I apologize to readers for the silliness of this post, but it was fun, at least, to pitch an ideological claim in terms of syllogisms and venn diagrams. Hopefully I’ll be excused for finding lame ways to avoid grading.
November 19, 2008
This semester I have been teaching Spinoza’s Ethics to close out the course. Although I have had bad experiences teaching the Ethics and Leibniz in the past, this year, for some reason, it has been a pure pleasure. Once you are finally able to penetrate the propositions and their supporting arguments, a beautiful structure begins to emerge, where each proposition builds on the previous proposition, gradually building to greater and greater complexity and taking the reader from truths that are almost self-evident and hardly in need of proof (e.g., “Substance is by nature prior to its affections or qualities”), to surprising and disturbing conclusions (that nature and God are identical; that God is not a sovereign ruling over nature and preferring one set of beings over another, but that instead God creates everything that God can create by necessity; that values and morals are not intrinsic to things, but products of how our bodies relate to other bodies in terms of benefit; that there are no purposes or ends to nature, only efficient causes; that God cannot be compelled or persuaded to act, but only acts according to the necessity of his own being; etc). One by one, Spinoza challenges the root claims of traditional theology and organized religion, showing how these claims are in contradiction with God’s essence. In developing these arguments he institutes a thorough-going immanent naturalism sans any dimension of transcendence or vertical being.
Spinoza is crafty and devious. What makes his arguments so ingenious and devious is that unlike the materialistic atheist that simply denies the existence of God on materialistic grounds, Spinoza works within the theological tradition, drawing on definitions inherited directly from Aristotle and Medieval Jewish and Christian theology, painstakingly demonstrating that when these definitions and axioms are followed through logically, they entail these conclusions and no others (granting, of course, that his arguments are sound). In other words, Spinoza shows that it is theology itself that leads to these conclusions. As a result, there is something of the uncanny in Spinoza. Just as Freud’s unheimlich is a sort of effect of the heimlich, the homely, the familiar, such that what is familiar suddenly presents itself in a completely unfamiliar way– for example, your image in a mirror begins speaking to you and moving about when you are not –Spinoza takes the familiar concepts of theology, retains them, and completely inverts them in a way that renders them thoroughly unfamiliar, unheimlich, and even a bit terrifying.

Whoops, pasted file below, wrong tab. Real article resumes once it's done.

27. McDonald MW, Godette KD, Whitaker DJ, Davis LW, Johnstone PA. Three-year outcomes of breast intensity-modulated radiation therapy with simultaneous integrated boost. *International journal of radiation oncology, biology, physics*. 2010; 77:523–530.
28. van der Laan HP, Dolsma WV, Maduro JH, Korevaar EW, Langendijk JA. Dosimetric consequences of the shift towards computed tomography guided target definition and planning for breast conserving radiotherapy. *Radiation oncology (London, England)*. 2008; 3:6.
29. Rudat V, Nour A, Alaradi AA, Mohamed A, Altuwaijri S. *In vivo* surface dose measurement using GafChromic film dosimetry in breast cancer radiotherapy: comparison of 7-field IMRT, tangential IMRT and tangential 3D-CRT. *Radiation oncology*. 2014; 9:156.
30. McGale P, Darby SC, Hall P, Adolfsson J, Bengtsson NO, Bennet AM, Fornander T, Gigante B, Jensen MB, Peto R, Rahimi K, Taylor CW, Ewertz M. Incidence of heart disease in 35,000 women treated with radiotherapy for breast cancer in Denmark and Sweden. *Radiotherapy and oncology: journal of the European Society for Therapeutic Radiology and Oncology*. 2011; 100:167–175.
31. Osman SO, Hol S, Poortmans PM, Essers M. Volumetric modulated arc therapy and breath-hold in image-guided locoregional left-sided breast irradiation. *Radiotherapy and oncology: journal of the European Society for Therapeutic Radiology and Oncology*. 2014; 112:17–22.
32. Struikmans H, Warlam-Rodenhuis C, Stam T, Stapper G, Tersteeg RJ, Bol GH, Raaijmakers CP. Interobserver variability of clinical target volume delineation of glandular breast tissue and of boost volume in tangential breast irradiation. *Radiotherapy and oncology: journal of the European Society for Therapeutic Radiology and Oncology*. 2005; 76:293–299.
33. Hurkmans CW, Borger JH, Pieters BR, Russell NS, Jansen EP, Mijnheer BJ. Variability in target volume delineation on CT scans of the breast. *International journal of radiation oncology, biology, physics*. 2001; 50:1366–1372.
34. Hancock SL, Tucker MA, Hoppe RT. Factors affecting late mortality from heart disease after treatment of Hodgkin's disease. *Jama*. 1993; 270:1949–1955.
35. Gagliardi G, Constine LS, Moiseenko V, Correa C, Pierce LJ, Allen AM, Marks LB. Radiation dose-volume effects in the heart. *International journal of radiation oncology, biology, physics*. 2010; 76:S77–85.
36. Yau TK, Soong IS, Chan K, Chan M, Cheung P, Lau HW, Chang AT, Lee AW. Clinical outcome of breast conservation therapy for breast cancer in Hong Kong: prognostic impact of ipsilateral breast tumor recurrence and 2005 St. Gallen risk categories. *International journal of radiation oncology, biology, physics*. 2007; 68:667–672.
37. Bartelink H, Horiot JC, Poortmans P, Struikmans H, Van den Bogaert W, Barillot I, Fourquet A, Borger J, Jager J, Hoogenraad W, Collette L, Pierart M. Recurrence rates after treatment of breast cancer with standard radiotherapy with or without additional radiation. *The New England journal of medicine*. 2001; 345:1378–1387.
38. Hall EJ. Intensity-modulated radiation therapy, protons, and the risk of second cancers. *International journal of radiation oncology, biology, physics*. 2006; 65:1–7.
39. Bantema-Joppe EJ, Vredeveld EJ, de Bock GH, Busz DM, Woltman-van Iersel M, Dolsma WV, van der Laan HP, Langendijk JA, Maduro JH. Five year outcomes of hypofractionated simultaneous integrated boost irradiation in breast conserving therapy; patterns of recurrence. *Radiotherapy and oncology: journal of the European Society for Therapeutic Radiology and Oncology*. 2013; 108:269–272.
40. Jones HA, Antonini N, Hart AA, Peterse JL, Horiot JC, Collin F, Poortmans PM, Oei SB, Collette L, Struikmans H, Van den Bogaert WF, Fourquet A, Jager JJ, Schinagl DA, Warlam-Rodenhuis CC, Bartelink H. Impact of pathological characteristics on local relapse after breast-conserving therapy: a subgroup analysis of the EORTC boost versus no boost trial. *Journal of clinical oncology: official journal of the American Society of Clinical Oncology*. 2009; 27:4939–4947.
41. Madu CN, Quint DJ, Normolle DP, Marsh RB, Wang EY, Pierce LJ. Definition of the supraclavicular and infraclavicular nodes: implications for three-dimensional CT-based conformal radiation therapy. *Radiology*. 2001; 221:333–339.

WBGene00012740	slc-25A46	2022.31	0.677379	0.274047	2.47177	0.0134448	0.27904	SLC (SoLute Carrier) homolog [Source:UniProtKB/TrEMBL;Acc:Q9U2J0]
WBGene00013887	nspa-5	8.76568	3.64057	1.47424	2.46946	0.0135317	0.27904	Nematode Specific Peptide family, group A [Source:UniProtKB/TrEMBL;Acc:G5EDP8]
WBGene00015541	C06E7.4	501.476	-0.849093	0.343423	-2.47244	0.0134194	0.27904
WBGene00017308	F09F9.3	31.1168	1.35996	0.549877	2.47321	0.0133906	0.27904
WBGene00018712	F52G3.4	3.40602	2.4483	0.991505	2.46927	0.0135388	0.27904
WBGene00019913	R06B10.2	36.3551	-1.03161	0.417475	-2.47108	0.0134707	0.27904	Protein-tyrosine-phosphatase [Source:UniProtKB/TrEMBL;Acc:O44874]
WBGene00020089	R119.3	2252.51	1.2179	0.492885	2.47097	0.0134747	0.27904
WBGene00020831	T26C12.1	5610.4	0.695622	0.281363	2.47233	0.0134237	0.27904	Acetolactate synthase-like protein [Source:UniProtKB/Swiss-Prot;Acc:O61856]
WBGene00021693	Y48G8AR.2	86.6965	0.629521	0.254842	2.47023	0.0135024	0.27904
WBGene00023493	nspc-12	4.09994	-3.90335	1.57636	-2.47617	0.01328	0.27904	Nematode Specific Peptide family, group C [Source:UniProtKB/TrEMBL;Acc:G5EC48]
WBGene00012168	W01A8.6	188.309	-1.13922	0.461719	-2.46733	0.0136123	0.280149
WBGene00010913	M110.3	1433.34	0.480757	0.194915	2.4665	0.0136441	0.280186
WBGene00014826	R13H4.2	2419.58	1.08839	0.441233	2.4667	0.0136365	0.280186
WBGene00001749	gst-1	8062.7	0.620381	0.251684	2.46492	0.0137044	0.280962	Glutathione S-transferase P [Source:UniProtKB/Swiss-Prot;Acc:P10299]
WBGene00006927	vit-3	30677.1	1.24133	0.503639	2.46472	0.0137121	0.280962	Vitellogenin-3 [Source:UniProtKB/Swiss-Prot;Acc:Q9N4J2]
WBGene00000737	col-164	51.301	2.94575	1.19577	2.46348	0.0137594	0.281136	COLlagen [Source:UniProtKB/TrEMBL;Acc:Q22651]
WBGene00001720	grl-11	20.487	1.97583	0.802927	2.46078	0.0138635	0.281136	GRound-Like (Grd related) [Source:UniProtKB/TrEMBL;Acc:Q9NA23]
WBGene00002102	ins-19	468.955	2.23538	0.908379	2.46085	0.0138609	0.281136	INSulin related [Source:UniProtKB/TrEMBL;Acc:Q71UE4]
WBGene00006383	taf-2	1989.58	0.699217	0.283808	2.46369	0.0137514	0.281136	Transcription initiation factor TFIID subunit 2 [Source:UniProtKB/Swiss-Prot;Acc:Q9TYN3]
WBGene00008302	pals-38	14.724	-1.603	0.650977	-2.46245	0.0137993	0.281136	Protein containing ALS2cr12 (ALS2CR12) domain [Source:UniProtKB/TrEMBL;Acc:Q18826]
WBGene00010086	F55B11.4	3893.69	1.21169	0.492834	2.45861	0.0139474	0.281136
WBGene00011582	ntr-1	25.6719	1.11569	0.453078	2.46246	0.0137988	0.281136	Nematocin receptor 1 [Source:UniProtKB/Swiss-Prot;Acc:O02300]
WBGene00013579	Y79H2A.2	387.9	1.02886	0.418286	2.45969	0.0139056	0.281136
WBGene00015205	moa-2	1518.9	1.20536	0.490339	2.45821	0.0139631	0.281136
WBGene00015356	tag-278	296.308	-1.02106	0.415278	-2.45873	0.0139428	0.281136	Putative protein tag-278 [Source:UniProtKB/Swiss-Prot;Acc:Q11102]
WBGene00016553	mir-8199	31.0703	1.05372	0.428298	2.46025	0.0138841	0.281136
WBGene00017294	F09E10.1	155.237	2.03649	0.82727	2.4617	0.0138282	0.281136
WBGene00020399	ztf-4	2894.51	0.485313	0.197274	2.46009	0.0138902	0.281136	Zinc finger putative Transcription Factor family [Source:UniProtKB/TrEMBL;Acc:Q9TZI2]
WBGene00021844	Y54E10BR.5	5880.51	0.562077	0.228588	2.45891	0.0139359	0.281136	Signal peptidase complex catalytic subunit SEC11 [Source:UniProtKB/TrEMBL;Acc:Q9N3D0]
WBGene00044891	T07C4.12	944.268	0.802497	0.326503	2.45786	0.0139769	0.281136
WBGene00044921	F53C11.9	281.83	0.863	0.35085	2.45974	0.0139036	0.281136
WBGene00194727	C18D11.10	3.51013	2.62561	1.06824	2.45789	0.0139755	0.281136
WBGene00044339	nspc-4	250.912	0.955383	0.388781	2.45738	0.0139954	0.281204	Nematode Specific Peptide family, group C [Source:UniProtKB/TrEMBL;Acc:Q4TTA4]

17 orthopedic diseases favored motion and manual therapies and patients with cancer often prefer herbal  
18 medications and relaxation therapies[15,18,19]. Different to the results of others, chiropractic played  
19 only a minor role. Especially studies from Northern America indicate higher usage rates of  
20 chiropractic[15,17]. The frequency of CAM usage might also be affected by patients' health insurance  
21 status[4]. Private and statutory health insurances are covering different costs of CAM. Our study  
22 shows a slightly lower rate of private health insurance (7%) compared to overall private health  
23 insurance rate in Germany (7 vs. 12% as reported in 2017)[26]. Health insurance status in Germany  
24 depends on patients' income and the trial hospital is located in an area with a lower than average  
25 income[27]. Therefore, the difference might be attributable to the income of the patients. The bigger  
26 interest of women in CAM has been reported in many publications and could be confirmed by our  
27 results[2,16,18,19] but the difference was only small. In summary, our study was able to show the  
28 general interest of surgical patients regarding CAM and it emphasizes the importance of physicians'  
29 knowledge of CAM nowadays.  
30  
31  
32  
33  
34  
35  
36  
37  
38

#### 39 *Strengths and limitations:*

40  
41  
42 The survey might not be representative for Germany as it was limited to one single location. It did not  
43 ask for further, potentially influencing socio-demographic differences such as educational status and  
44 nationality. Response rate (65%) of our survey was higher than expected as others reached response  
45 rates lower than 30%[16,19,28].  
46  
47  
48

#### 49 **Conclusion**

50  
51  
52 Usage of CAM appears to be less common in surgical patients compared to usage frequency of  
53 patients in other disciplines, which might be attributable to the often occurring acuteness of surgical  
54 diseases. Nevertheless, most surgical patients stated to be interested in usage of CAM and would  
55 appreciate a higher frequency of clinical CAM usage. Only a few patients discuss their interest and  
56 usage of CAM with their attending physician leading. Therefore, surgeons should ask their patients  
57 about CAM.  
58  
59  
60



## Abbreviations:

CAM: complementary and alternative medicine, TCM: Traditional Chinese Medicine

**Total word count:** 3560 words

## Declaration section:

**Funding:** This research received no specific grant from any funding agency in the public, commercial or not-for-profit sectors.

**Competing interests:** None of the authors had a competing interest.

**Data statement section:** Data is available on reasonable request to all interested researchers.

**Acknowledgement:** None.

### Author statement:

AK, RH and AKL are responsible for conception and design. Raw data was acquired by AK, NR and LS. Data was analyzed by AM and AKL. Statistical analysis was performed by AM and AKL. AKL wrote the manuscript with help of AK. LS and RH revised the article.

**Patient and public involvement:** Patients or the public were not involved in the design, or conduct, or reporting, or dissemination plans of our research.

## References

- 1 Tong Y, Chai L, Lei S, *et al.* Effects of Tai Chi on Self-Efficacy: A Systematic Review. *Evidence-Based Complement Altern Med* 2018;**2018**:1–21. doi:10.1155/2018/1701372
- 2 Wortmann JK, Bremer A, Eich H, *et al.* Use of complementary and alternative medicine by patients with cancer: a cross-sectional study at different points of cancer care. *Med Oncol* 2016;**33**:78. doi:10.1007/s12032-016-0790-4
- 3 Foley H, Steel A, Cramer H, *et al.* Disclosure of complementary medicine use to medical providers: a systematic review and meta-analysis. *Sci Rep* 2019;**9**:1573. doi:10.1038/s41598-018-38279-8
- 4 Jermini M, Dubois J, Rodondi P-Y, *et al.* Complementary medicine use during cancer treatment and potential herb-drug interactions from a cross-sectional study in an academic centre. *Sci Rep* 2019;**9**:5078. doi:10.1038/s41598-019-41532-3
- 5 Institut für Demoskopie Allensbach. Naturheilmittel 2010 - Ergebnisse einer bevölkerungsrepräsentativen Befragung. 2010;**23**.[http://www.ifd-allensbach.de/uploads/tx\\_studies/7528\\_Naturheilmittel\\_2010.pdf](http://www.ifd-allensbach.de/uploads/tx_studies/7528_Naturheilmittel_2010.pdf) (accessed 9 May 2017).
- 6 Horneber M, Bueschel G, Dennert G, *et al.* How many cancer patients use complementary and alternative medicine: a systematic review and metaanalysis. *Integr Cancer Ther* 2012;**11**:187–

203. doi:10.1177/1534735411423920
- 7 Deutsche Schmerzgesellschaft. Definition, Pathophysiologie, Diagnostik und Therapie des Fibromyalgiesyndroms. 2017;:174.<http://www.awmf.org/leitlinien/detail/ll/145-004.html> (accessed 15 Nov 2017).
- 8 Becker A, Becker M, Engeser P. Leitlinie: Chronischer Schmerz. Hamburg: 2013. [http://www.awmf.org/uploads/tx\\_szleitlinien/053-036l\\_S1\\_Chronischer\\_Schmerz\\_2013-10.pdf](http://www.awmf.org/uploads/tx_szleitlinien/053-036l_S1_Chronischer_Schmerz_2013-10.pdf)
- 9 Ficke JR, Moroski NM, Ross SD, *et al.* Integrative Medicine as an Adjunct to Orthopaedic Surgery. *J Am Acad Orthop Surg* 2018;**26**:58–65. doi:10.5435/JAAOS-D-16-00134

Not surprisingly, a number of my students immediately gravitate towards questions of morality in relation to Spinoza’s thought. If, as Spinoza argues, God does not reward nor punish a person for living a moral life, and if, as Spinoza argues, values are a matter of the relation of our body to other bodies in terms of whether these other bodies increase or diminish our power of acting, and if, as Spinoza argues, God has no preference for what is or is not, for how we live our lives, then how can Spinoza have any place for ethics or morality? For example, God creates Jeffrey Dahmer and Dahmer’s existence follows from God’s nature as one of the modes that can exist following from the attributes of extension and thought. Insofar as Dahmer can exist, he therefore must exist by virtue of God’s absolute infinity and the fact that God’s activity is limited in no way. God has no preference for Jesus, Mother Theresa, or Dahmer, but creates all of these modes as they are possible variations of particular attributes (the essence of substance). Any preference for one mode over another arises not from God’s will or desire, but from relations among modes themselves. In other words, one calls Dahmer bad because he diminishes your power of acting by drilling holds in your head and eating your flesh. In short, Dahmer diminishes your power of acting.